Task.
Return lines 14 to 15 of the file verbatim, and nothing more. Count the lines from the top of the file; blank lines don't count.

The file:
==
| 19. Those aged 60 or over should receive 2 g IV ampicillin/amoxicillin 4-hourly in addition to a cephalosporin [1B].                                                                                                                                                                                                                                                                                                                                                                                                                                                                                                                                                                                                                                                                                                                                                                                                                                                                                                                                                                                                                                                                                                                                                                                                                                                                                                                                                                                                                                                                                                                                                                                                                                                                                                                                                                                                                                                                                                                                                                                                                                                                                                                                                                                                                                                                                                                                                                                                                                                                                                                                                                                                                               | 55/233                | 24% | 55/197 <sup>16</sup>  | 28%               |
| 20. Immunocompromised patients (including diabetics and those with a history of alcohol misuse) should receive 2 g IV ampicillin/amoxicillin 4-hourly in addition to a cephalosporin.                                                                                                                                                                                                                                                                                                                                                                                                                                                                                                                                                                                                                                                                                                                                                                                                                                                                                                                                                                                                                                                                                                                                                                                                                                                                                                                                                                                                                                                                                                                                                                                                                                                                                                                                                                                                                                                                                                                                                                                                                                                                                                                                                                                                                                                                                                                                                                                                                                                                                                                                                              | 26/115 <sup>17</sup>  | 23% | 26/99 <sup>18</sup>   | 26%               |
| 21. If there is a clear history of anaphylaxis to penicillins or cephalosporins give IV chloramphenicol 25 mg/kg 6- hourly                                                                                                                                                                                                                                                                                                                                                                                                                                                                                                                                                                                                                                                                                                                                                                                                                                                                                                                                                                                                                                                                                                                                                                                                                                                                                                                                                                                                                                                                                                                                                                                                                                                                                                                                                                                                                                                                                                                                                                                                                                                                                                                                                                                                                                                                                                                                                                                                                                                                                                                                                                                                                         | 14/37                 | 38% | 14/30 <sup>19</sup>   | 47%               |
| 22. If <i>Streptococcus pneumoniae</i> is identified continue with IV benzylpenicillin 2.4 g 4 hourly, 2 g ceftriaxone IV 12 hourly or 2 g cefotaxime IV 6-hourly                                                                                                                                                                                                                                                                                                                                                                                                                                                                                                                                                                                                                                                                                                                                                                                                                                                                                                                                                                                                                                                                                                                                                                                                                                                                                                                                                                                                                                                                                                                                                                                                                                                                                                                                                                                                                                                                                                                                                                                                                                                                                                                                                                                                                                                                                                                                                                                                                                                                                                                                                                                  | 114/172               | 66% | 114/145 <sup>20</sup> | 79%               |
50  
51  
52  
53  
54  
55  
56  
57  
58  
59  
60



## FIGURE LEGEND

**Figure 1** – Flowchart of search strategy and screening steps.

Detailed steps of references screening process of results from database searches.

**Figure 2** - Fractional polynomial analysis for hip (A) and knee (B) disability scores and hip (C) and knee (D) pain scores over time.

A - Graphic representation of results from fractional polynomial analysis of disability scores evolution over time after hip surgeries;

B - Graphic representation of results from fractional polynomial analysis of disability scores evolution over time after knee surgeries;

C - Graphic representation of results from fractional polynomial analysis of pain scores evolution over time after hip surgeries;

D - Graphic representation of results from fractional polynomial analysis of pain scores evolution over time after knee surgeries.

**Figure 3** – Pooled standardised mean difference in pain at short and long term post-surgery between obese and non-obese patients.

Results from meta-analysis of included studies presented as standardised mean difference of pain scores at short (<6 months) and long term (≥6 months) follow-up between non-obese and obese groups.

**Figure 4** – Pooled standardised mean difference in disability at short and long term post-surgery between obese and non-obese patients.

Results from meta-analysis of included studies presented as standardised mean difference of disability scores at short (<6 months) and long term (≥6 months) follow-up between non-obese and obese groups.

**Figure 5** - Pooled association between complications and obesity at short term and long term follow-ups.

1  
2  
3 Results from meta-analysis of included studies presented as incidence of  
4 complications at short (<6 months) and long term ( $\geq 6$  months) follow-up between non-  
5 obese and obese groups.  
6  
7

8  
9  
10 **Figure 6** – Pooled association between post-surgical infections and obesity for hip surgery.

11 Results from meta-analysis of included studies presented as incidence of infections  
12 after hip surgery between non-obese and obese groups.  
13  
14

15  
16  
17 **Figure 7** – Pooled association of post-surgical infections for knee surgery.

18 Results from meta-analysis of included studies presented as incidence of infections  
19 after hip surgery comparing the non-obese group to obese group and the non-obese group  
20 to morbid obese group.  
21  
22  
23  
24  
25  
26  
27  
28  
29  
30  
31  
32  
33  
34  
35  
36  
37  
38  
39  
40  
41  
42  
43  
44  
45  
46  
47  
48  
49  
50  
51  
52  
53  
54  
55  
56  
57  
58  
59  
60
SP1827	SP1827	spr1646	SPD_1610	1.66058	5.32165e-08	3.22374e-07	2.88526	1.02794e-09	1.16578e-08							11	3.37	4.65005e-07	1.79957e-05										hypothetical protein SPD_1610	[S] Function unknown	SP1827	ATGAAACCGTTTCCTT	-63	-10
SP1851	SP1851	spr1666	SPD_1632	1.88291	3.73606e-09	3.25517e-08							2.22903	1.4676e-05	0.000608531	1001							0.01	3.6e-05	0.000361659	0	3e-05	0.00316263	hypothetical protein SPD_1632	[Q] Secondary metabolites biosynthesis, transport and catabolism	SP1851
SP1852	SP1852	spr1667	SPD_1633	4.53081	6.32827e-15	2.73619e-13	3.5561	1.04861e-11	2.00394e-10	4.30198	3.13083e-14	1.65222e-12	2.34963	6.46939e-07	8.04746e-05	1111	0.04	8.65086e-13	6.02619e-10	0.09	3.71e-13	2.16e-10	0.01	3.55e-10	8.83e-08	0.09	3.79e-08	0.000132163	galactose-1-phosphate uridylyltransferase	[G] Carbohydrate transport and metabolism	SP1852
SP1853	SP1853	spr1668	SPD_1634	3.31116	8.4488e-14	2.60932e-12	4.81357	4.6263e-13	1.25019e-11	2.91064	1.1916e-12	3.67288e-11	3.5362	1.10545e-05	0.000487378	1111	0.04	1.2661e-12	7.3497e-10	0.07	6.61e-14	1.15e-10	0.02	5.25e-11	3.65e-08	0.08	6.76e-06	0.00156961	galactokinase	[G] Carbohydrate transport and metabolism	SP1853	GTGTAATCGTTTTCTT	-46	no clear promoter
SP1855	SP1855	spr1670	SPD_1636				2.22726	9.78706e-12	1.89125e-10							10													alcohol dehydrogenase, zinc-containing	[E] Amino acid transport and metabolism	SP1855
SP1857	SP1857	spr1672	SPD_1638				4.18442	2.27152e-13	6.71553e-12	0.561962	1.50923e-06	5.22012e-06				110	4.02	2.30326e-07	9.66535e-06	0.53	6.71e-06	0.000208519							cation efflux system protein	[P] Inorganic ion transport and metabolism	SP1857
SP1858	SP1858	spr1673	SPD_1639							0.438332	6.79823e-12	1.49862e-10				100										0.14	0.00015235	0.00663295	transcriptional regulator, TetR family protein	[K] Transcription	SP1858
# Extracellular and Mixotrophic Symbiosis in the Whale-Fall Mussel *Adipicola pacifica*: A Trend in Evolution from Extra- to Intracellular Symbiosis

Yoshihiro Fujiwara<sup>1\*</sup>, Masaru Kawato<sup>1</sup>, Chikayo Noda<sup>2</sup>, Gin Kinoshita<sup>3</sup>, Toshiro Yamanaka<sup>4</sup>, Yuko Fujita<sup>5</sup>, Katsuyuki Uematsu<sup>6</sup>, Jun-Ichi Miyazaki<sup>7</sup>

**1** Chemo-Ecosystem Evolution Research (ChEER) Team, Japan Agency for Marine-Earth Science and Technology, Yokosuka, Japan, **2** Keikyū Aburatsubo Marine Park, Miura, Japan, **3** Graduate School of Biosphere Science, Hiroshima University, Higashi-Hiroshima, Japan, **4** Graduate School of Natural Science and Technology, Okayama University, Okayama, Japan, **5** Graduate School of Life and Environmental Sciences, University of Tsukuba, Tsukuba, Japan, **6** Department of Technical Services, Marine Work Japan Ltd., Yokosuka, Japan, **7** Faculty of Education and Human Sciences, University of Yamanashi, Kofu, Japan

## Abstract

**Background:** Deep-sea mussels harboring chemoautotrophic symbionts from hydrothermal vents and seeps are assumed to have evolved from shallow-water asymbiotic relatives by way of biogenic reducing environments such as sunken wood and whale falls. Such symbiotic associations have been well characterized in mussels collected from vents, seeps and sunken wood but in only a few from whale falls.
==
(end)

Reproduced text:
59  
60